Winston Churchill, then prime minister, outside No 10 in June 1943
voicesA C Benson called him 'a horrid little fellow', George Orwell would have shot him, but what a giant he seems now, says DJ Taylor
News
i100
Sport
footballBrighton vs Arsenal match report
Arts and Entertainment
Benedict Cumberbatch has spoken about the lack of opportunities for black British actors in the UK
film
News
Latest stories from i100
Have you tried new the Independent Digital Edition apps?
Independent Dating
and  

By clicking 'Search' you
are agreeing to our
Terms of Use.

iJobs Job Widget
iJobs General

Austen Lloyd: Private Client Solicitor - Oxford

Excellent Salary : Austen Lloyd: OXFORD - REGIONAL FIRM - An excellent opportu...

Austen Lloyd: Clinical Negligence Associate / Partner - Bristol

Super Package: Austen Lloyd: BRISTOL - SENIOR CLINICAL NEGLIGENCE - An outstan...

Recruitment Genius: Sales Consultant - Solar Energy - OTE £50,000

£15000 - £50000 per annum: Recruitment Genius: Fantastic opportunities are ava...

Recruitment Genius: Compute Engineer

Negotiable: Recruitment Genius: A Compute Engineer is required to join a globa...

Day In a Page

Iraq invasion 2003: The bloody warnings six wise men gave to Tony Blair as he prepared to launch poorly planned campaign

What the six wise men told Tony Blair

Months before the invasion of Iraq in 2003, experts sought to warn the PM about his plans. Here, four of them recall that day
25 years of The Independent on Sunday: The stories, the writers and the changes over the last quarter of a century

25 years of The Independent on Sunday

The stories, the writers and the changes over the last quarter of a century
Homeless Veterans appeal: 'Really caring is a dangerous emotion in this kind of work'

Homeless Veterans appeal

As head of The Soldiers' Charity, Martin Rutledge has to temper compassion with realism. He tells Chris Green how his Army career prepared him
Wu-Tang Clan and The Sexual Objects offer fans a chance to own the only copies of their latest albums

Smash hit go under the hammer

It's nice to pick up a new record once in a while, but the purchasers of two latest releases can go a step further - by buying the only copy
Geeks who rocked the world: Documentary looks back at origins of the computer-games industry

The geeks who rocked the world

A new documentary looks back at origins of the computer-games industry
Belle & Sebastian interview: Stuart Murdoch reveals how the band is taking a new direction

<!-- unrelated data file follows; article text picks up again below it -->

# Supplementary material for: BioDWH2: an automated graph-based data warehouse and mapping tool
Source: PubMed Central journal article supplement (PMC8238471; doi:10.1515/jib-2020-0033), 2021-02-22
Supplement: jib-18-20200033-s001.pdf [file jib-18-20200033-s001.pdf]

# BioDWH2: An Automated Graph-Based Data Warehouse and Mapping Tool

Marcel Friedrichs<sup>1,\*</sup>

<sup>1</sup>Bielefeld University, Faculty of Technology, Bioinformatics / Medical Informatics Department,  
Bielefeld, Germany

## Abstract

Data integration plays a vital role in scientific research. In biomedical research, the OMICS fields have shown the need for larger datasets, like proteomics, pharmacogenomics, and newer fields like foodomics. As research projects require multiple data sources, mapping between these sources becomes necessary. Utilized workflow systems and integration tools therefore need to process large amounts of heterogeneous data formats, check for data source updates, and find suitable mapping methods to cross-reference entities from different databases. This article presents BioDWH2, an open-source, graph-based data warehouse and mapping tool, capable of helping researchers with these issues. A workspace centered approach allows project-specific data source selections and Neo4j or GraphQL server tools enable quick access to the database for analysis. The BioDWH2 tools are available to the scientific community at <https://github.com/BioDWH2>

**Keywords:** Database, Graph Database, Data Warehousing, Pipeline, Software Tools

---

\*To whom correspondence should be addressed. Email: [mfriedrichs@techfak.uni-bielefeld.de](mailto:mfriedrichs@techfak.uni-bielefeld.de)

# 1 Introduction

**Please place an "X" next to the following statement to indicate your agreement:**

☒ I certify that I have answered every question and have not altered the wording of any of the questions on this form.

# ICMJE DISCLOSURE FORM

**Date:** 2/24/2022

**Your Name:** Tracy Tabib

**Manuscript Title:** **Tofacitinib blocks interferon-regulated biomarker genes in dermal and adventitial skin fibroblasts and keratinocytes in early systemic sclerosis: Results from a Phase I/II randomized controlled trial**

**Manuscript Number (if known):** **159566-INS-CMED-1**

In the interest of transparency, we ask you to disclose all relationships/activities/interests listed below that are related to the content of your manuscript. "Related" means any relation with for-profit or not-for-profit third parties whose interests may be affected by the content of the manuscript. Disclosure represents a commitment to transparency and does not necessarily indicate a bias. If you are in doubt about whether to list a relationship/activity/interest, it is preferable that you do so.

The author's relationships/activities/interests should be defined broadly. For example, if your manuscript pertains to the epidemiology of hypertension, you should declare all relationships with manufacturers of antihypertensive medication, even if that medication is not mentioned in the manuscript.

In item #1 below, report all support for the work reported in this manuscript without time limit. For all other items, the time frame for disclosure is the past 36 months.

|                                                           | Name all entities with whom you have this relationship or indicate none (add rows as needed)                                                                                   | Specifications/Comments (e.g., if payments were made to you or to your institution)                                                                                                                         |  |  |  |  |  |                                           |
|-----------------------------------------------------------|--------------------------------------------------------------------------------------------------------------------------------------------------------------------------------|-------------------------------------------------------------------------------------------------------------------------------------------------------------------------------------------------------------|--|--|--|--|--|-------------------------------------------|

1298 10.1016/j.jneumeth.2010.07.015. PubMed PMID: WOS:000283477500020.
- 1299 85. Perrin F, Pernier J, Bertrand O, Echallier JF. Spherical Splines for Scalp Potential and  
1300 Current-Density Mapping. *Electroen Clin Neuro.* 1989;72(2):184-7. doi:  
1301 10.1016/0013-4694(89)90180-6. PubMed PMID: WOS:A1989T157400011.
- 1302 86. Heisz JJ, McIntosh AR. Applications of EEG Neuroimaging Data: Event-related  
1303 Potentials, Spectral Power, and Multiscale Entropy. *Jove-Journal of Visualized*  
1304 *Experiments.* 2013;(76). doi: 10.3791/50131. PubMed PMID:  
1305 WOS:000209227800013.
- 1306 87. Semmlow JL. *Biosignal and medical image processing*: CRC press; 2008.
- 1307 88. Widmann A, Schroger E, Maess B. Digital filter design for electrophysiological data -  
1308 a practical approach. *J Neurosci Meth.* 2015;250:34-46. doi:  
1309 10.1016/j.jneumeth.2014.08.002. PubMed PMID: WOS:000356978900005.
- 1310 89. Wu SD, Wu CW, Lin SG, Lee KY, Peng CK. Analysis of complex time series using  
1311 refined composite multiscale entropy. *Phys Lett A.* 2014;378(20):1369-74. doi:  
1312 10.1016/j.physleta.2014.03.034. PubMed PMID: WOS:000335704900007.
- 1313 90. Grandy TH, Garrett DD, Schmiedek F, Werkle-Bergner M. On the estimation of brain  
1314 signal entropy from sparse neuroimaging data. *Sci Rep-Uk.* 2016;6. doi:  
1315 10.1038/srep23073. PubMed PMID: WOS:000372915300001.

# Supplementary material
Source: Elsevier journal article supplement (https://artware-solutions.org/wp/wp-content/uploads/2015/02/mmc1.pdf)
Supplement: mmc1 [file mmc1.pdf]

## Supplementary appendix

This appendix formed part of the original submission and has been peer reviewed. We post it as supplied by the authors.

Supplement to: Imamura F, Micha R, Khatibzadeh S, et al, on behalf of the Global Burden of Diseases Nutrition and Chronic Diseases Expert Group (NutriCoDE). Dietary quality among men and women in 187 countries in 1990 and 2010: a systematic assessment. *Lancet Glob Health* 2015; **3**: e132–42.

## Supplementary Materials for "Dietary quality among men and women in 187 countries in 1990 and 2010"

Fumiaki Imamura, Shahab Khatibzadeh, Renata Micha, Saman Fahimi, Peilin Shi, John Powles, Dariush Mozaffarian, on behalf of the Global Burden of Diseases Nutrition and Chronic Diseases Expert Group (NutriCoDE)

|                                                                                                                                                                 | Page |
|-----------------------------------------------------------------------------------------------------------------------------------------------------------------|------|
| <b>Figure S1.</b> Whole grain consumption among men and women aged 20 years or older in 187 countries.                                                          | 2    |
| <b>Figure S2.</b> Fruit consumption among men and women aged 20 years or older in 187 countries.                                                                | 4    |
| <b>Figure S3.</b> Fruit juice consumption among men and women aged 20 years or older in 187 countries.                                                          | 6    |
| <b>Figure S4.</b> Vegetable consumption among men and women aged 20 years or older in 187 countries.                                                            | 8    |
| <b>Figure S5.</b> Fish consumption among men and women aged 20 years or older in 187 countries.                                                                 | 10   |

Belle & Sebastian is taking a new direction

Twenty years ago, Belle & Sebastian was a fey indie band from Glasgow. It still is – except today, as prime mover Stuart Murdoch admits, it has a global cult following, from Hollywood to South Korea
America: Land of the free, home of the political dynasty

America: Land of the free, home of the political dynasty

These days in the US things are pretty much stuck where they are, both in politics and society at large, says Rupert Cornwell
A graphic history of US civil rights – in comic book form

A graphic history of US civil rights – in comic book form

A veteran of the Fifties campaigns is inspiring a new generation of activists
Winston Churchill: the enigma of a British hero

Winston Churchill: the enigma of a British hero

A C Benson called him 'a horrid little fellow', George Orwell would have shot him, but what a giant he seems now, says DJ Taylor
Growing mussels: Precious freshwater shellfish are thriving in a unique green project

Growing mussels

Precious freshwater shellfish are thriving in a unique green project
Diana Krall: The jazz singer on being friends with Elton John, outer space and skiing in Dubai

Diana Krall interview

The jazz singer on being friends with Elton John, outer space and skiing in Dubai
Pinstriped for action: A glimpse of what the very rich man will be wearing this winter

Pinstriped for action

A glimpse of what the very rich man will be wearing this winter
Russell T Davies & Ben Cook: 'Our friendship flourished online. You can share some very revelatory moments at four in the morning…'

Russell T Davies & Ben Cook: How we met

'Our friendship flourished online. You can share some very revelatory moments at four in the morning…'
Bill Granger recipes: Our chef serves up his favourite Japanese dishes

Bill Granger's Japanese recipes

Stock up on mirin, soy and miso and you have the makings of everyday Japanese cuisine
Michael Calvin: How we need more Eric Cantonas to knock some sense into us

Michael Calvin's Last Word

How we need more Eric Cantonas to knock some sense into us